Americo Sacramone (1937-1976)

When he finished his brief boxing career with a 5-1 record, Rico, from Everett, entered the rackets as member of Boston’s Winter Hill Gang. After being wounded in the hit on Buddy McLean in 1965, Rico went back to prison on a parole violation. In 1976, he was gunned down — this time for good — by parties unknown.

During his boxing days, Sacramone would often spar with the great Joe DeNucci (54-15-4), who later became the longstanding State Auditor of the Commonwealth of Massachusetts.

Tommy Tibbs (1934-1975)

While probably not a friend of Tony Veranis, Tommy (60-77-4) did fight George Monroe three times in 1953  — and just about everyone else including Willie Pep whom he beat in 1958 — and since Monroe fought to a draw against Eddie Connors in 1955, at least the possibility of a dotted line connection exists. Monroe was from Worcester and Tibbs made his residence in Boston. However, where Tommy warrants an honorable mention is the fact that he was shot and killed in a dispute in a Roxbury bar in 1975, one of the bloodiest years of living dangerously in Boston.

Back to Tony (1938-1966)

Meanwhile, after beating Al Pepin in his pro debut, Veranis continued his attention-grabbing run as a professional. He was described as “one tough SOB; a Wildman who was courageous in the ring.” Others said he was well-trained and “a great prospect and that his boxing style was that of a slugger.”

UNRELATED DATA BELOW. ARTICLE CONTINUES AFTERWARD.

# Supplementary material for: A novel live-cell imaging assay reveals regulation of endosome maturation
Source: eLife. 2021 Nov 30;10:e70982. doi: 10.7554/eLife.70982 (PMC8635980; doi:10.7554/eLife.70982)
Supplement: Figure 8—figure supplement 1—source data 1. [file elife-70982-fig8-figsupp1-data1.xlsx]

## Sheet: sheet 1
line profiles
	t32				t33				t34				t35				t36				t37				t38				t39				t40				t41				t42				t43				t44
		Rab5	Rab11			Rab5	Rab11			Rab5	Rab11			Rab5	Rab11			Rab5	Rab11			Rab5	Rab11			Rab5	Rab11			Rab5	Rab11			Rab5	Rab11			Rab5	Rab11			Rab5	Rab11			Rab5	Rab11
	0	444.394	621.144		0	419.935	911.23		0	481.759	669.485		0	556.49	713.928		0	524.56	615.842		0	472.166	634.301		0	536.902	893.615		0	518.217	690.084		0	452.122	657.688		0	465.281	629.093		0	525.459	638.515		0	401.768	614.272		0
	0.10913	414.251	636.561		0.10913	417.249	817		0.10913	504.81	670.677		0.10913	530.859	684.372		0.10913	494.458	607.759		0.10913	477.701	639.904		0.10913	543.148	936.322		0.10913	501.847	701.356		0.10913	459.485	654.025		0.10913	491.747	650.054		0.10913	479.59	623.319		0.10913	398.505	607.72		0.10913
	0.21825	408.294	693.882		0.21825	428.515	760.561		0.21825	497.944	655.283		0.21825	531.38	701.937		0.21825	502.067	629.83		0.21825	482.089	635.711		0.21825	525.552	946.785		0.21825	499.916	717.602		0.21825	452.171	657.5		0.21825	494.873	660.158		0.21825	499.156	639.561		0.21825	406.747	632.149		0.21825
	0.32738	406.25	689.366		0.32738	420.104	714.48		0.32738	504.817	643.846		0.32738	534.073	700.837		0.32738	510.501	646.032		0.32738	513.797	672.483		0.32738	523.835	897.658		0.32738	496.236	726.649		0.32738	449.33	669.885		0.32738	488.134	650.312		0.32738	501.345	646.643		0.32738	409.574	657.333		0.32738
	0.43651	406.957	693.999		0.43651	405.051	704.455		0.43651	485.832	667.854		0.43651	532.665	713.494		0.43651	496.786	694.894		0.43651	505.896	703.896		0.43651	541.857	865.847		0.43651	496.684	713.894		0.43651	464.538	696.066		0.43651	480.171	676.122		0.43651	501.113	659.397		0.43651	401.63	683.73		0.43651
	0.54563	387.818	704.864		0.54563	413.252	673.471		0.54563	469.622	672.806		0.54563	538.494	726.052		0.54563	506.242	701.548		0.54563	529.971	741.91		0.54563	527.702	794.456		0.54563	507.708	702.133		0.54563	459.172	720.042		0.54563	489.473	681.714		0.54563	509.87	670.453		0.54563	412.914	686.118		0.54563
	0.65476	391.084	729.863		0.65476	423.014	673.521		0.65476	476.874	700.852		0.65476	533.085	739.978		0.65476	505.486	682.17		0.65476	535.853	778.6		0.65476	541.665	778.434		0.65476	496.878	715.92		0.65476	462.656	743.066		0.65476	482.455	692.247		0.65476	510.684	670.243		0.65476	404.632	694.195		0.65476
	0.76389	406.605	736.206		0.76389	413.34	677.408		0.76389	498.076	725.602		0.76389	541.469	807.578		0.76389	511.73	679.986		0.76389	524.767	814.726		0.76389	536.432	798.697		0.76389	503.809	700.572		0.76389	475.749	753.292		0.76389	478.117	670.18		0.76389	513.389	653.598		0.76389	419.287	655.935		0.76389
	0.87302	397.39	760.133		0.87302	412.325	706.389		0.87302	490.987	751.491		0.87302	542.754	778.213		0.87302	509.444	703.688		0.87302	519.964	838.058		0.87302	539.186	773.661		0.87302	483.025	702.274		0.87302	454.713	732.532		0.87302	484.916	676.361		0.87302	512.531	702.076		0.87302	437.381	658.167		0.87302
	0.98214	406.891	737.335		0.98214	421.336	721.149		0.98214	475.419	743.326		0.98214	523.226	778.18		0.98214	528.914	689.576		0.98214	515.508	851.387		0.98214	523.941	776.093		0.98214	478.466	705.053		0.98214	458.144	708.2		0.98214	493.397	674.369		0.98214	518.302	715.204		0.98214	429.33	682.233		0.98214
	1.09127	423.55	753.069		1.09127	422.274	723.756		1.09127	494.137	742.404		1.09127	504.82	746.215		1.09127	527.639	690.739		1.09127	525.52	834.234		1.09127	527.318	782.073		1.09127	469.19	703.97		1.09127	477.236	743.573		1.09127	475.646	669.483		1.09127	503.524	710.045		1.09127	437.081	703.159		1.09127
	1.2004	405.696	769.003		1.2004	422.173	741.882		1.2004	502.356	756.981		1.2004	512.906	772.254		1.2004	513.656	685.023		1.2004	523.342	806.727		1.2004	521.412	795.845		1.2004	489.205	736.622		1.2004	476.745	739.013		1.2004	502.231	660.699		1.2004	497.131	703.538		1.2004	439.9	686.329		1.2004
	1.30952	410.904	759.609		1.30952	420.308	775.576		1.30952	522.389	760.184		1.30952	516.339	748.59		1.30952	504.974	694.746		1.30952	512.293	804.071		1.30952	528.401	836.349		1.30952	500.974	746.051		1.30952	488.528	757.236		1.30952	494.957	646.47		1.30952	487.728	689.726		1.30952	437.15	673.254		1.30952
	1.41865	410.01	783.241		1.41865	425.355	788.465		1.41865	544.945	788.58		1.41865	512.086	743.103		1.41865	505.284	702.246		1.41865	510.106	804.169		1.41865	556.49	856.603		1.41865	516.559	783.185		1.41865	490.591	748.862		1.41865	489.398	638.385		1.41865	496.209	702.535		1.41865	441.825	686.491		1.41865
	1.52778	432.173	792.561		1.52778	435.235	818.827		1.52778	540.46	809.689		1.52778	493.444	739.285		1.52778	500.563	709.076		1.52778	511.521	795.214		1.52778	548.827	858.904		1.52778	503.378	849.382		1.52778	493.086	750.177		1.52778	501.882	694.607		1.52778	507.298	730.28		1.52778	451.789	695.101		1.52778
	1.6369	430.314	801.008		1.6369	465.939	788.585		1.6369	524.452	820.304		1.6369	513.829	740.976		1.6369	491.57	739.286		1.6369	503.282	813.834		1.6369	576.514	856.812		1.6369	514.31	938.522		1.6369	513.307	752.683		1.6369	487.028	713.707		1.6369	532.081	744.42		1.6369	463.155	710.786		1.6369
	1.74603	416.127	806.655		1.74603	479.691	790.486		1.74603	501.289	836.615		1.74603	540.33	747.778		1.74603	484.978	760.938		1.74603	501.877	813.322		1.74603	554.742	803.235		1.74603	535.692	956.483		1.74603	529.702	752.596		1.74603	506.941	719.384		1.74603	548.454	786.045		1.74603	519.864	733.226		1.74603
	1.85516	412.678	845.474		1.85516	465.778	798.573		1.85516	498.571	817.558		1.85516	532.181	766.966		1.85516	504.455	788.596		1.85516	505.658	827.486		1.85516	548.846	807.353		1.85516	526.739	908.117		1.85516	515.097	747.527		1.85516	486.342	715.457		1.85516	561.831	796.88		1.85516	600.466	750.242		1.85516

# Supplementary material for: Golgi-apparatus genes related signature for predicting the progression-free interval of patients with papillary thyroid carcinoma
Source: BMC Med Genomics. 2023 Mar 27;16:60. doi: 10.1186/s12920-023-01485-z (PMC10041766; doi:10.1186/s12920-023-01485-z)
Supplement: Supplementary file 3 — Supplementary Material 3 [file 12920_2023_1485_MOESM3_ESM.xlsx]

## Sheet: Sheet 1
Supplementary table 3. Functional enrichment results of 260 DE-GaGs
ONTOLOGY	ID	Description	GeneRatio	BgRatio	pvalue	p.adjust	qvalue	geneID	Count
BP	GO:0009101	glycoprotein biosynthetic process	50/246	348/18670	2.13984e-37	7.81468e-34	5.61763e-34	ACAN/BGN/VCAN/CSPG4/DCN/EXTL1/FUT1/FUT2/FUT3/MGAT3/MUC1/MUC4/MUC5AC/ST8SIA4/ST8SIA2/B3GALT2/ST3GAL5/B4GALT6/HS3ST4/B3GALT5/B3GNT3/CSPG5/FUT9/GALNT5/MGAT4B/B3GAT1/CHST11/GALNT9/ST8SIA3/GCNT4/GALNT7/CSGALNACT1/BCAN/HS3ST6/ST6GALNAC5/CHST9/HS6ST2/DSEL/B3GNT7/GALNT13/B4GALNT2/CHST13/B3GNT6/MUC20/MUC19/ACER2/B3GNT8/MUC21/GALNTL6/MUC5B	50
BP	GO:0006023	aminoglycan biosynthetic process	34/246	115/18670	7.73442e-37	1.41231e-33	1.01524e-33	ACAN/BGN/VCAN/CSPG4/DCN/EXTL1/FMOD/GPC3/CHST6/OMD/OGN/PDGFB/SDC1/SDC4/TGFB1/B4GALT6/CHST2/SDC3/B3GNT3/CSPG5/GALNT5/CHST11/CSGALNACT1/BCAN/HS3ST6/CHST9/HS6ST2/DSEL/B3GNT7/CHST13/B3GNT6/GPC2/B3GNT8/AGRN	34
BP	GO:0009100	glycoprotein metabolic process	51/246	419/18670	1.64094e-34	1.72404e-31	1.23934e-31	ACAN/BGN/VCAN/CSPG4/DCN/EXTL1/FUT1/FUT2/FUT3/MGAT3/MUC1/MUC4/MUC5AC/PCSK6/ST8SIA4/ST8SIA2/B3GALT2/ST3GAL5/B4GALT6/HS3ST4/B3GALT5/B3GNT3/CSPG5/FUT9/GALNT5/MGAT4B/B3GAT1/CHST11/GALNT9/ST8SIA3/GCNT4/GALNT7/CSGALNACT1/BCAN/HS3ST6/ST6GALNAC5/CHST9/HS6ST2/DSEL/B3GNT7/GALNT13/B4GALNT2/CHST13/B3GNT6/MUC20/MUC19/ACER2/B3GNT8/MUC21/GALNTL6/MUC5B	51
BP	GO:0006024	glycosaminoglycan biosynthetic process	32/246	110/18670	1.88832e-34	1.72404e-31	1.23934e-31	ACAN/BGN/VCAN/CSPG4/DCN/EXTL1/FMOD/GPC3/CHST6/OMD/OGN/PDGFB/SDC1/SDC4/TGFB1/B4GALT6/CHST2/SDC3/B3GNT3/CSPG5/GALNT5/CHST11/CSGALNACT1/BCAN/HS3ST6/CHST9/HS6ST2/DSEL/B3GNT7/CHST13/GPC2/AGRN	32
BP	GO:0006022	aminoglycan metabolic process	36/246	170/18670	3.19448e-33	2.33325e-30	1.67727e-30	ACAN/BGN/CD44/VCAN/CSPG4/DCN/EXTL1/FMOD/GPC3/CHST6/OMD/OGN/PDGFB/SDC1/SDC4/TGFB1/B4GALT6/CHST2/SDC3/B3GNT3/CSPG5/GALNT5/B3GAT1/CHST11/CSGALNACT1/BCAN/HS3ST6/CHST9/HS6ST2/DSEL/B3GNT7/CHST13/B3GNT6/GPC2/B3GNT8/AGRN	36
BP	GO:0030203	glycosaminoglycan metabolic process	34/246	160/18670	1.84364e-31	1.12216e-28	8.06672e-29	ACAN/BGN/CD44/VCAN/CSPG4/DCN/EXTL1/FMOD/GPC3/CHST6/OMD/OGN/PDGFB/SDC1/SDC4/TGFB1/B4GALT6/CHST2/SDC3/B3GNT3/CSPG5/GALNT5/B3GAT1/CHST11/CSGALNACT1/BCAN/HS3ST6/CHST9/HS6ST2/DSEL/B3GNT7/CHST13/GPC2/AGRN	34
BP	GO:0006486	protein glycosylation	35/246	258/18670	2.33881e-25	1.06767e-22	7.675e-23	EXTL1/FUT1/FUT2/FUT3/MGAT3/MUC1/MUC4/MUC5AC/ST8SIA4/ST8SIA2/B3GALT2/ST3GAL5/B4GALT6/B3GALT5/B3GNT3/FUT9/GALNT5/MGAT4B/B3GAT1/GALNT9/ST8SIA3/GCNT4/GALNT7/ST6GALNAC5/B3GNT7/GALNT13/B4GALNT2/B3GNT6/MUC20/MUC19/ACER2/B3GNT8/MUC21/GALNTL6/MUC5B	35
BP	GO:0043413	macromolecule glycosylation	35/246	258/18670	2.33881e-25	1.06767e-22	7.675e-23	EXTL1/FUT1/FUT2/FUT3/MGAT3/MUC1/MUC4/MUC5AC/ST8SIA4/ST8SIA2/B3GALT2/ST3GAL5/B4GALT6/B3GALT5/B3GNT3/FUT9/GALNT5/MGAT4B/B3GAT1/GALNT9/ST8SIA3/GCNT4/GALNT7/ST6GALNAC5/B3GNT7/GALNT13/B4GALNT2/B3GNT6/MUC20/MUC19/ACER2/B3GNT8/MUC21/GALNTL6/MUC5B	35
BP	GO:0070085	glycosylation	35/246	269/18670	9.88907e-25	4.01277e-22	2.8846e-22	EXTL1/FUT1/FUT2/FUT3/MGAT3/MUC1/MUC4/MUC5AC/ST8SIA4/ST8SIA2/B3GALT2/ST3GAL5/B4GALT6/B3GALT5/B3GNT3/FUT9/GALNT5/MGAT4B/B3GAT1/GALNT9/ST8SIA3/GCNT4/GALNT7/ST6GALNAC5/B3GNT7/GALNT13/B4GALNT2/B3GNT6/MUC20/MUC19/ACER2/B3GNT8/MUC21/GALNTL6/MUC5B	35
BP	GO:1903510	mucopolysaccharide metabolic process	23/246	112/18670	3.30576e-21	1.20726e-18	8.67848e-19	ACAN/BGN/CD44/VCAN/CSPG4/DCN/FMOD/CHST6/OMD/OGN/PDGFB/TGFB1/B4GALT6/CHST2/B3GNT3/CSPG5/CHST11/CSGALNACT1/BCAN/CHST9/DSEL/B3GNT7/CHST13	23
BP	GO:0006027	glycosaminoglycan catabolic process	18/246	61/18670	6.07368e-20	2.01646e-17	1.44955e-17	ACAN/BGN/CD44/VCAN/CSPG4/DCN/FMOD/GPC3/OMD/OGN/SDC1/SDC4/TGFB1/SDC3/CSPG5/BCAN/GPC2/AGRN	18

In 1957, Tony fought an astonishing 26 times (the majority at the Rollway Arena in Revere). Tony’s best win may have been on December 3, 1957, when he stopped — and retired — the talented Bobby Murphy (19-3-1). Bobby, a former USA New England welterweight titleholder, had impressive wins over Vic Cardell (65-25-7), Fitzie Pruden (50-21), Rocky Sullivan (66-43-12) and Jackie O’Brien (65-17-8), as well as a draw with top contender Chico Vejar (63-5-1). A win over Murphy meant something.

Tony’s last fight in 1957 was against rugged Barry Allison on December 17 against whom he fought to an admirable draw. Allison (40-19-2) was at the center of New England boxing during the 1950s but was never able to reach world championship level though many think he should have gotten the nod against Johnny Saxton in 1958. As for Tony, he slaughtered Silby Ford in a bloody encounter in February 1958, one that had blood-splattered ringsiders aghast as Silby’s teeth and mouthpiece were knocked out. This moved Tony’s record to 25-0-2 before dropping back-to-back fights to Allison in a rematch for Allison’s USA New England middleweight title and to undefeated Joe Devlin at the Boston Garden.

Tony’s loss to Allison was one in which he took a terrible beating and one that undoubtedly rendered him damaged goods going into the Devlin bout — not taking anything away from the crafty Joe who would retire undefeated. These two fights occurred within a 16-day span in March 1958. After his brutal knockout defeat to Devlin in which he was decked in every round, he was taken to Boston City Hospital in bad shape and remained in a coma before recovering some three month later. But his boxing days were over.

After boxing, Tony reportedly suffered from severe migraine headaches, nausea, temporary mood swings, and blackouts — maladies that apparently were not treated and pointed to brain damage. When combined with heavy drinking and depression, this lethal mix could only spell major trouble for an ex-boxer. Tony was arrested for an unidentified crime on December 23, 1963, and sent to prison in Norfolk, Massachusetts.